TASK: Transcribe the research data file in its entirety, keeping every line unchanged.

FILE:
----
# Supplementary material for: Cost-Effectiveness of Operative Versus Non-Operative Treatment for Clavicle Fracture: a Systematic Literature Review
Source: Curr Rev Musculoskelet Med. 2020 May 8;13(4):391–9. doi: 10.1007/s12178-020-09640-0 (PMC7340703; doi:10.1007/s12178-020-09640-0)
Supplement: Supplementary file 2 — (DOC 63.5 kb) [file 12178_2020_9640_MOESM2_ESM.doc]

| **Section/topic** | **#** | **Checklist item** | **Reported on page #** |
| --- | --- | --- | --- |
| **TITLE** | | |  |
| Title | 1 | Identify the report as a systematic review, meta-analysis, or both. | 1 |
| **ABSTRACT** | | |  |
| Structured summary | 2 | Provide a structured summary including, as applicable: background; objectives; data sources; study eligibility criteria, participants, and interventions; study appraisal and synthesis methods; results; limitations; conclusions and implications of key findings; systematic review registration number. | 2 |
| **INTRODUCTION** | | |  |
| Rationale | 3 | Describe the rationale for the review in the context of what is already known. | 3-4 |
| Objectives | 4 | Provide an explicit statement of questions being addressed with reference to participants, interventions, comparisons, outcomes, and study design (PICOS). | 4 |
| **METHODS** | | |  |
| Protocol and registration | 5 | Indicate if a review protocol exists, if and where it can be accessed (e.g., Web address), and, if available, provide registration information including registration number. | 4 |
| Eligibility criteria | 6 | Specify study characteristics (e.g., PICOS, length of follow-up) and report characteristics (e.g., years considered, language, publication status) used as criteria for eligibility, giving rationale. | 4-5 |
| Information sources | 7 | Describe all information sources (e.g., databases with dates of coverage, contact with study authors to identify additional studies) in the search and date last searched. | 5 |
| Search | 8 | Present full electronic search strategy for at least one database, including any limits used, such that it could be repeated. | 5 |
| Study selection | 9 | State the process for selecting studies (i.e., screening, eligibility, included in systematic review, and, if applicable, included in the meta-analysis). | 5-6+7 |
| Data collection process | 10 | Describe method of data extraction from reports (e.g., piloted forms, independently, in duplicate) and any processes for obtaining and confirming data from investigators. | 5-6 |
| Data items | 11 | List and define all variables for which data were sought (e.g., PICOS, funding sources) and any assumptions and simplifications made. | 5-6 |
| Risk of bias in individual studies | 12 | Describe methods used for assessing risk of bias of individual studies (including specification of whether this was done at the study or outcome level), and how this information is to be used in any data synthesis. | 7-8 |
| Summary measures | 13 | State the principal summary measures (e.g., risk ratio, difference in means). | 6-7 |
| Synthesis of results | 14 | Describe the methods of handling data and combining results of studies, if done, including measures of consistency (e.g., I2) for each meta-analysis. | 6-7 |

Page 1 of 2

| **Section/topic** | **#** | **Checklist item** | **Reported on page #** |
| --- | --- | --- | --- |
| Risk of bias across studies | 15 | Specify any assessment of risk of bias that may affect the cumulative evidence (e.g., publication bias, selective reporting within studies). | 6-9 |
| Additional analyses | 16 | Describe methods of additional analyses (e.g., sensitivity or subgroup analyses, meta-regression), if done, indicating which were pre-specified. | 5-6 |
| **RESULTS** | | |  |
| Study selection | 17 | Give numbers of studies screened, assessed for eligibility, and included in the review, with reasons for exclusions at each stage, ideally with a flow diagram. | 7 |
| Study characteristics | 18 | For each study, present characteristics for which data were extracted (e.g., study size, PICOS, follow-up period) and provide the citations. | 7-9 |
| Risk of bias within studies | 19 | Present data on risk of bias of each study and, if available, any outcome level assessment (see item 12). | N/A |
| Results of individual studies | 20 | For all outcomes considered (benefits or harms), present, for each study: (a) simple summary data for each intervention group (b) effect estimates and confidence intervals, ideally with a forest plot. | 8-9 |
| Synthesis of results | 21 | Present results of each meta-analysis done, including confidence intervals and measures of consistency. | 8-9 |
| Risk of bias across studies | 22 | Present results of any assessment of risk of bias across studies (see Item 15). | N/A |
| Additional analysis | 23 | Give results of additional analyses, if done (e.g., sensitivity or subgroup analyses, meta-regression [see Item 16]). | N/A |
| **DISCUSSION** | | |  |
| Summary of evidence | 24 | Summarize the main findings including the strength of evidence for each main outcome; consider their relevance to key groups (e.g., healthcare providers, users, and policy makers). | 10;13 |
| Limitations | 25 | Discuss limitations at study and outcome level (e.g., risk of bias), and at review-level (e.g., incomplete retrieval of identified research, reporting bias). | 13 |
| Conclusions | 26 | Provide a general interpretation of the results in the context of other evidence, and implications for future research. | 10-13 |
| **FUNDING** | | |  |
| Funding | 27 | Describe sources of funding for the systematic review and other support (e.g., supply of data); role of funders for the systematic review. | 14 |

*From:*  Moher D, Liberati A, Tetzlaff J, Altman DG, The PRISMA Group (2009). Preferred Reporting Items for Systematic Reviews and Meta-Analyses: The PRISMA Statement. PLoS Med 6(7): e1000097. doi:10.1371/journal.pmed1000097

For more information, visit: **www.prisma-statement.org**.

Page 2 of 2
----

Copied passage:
# Supplementary material for: Cost-Effectiveness of Operative Versus Non-Operative Treatment for Clavicle Fracture: a Systematic Literature Review
Source: Curr Rev Musculoskelet Med. 2020 May 8;13(4):391–9. doi: 10.1007/s12178-020-09640-0 (PMC7340703; doi:10.1007/s12178-020-09640-0)
Supplement: Supplementary file 2 — (DOC 63.5 kb) [file 12178_2020_9640_MOESM2_ESM.doc]

| **Section/topic** | **#** | **Checklist item** | **Reported on page #** |
| --- | --- | --- | --- |
| **TITLE** | | |  |
| Title | 1 | Identify the report as a systematic review, meta-analysis, or both. | 1 |
| **ABSTRACT** | | |  |
| Structured summary | 2 | Provide a structured summary including, as applicable: background; objectives; data sources; study eligibility criteria, participants, and interventions; study appraisal and synthesis methods; results; limitations; conclusions and implications of key findings; systematic review registration number. | 2 |
| **INTRODUCTION** | | |  |
| Rationale | 3 | Describe the rationale for the review in the context of what is already known. | 3-4 |
| Objectives | 4 | Provide an explicit statement of questions being addressed with reference to participants, interventions, comparisons, outcomes, and study design (PICOS). | 4 |
| **METHODS** | | |  |
| Protocol and registration | 5 | Indicate if a review protocol exists, if and where it can be accessed (e.g., Web address), and, if available, provide registration information including registration number. | 4 |
| Eligibility criteria | 6 | Specify study characteristics (e.g., PICOS, length of follow-up) and report characteristics (e.g., years considered, language, publication status) used as criteria for eligibility, giving rationale. | 4-5 |
| Information sources | 7 | Describe all information sources (e.g., databases with dates of coverage, contact with study authors to identify additional studies) in the search and date last searched. | 5 |
| Search | 8 | Present full electronic search strategy for at least one database, including any limits used, such that it could be repeated. | 5 |
| Study selection | 9 | State the process for selecting studies (i.e., screening, eligibility, included in systematic review, and, if applicable, included in the meta-analysis). | 5-6+7 |
| Data collection process | 10 | Describe method of data extraction from reports (e.g., piloted forms, independently, in duplicate) and any processes for obtaining and confirming data from investigators. | 5-6 |
| Data items | 11 | List and define all variables for which data were sought (e.g., PICOS, funding sources) and any assumptions and simplifications made. | 5-6 |
| Risk of bias in individual studies | 12 | Describe methods used for assessing risk of bias of individual studies (including specification of whether this was done at the study or outcome level), and how this information is to be used in any data synthesis. | 7-8 |
| Summary measures | 13 | State the principal summary measures (e.g., risk ratio, difference in means). | 6-7 |
| Synthesis of results | 14 | Describe the methods of handling data and combining results of studies, if done, including measures of consistency (e.g., I2) for each meta-analysis. | 6-7 |

Page 1 of 2

| **Section/topic** | **#** | **Checklist item** | **Reported on page #** |
| --- | --- | --- | --- |
| Risk of bias across studies | 15 | Specify any assessment of risk of bias that may affect the cumulative evidence (e.g., publication bias, selective reporting within studies). | 6-9 |
| Additional analyses | 16 | Describe methods of additional analyses (e.g., sensitivity or subgroup analyses, meta-regression), if done, indicating which were pre-specified. | 5-6 |
| **RESULTS** | | |  |
| Study selection | 17 | Give numbers of studies screened, assessed for eligibility, and included in the review, with reasons for exclusions at each stage, ideally with a flow diagram. | 7 |
| Study characteristics | 18 | For each study, present characteristics for which data were extracted (e.g., study size, PICOS, follow-up period) and provide the citations. | 7-9 |
| Risk of bias within studies | 19 | Present data on risk of bias of each study and, if available, any outcome level assessment (see item 12). | N/A |
| Results of individual studies | 20 | For all outcomes considered (benefits or harms), present, for each study: (a) simple summary data for each intervention group (b) effect estimates and confidence intervals, ideally with a forest plot. | 8-9 |
| Synthesis of results | 21 | Present results of each meta-analysis done, including confidence intervals and measures of consistency. | 8-9 |
| Risk of bias across studies | 22 | Present results of any assessment of risk of bias across studies (see Item 15). | N/A |
| Additional analysis | 23 | Give results of additional analyses, if done (e.g., sensitivity or subgroup analyses, meta-regression [see Item 16]). | N/A |
| **DISCUSSION** | | |  |
| Summary of evidence | 24 | Summarize the main findings including the strength of evidence for each main outcome; consider their relevance to key groups (e.g., healthcare providers, users, and policy makers). | 10;13 |
| Limitations | 25 | Discuss limitations at study and outcome level (e.g., risk of bias), and at review-level (e.g., incomplete retrieval of identified research, reporting bias). | 13 |
| Conclusions | 26 | Provide a general interpretation of the results in the context of other evidence, and implications for future research. | 10-13 |
| **FUNDING** | | |  |
| Funding | 27 | Describe sources of funding for the systematic review and other support (e.g., supply of data); role of funders for the systematic review. | 14 |

*From:*  Moher D, Liberati A, Tetzlaff J, Altman DG, The PRISMA Group (2009). Preferred Reporting Items for Systematic Reviews and Meta-Analyses: The PRISMA Statement. PLoS Med 6(7): e1000097. doi:10.1371/journal.pmed1000097

For more information, visit: **www.prisma-statement.org**.

Page 2 of 2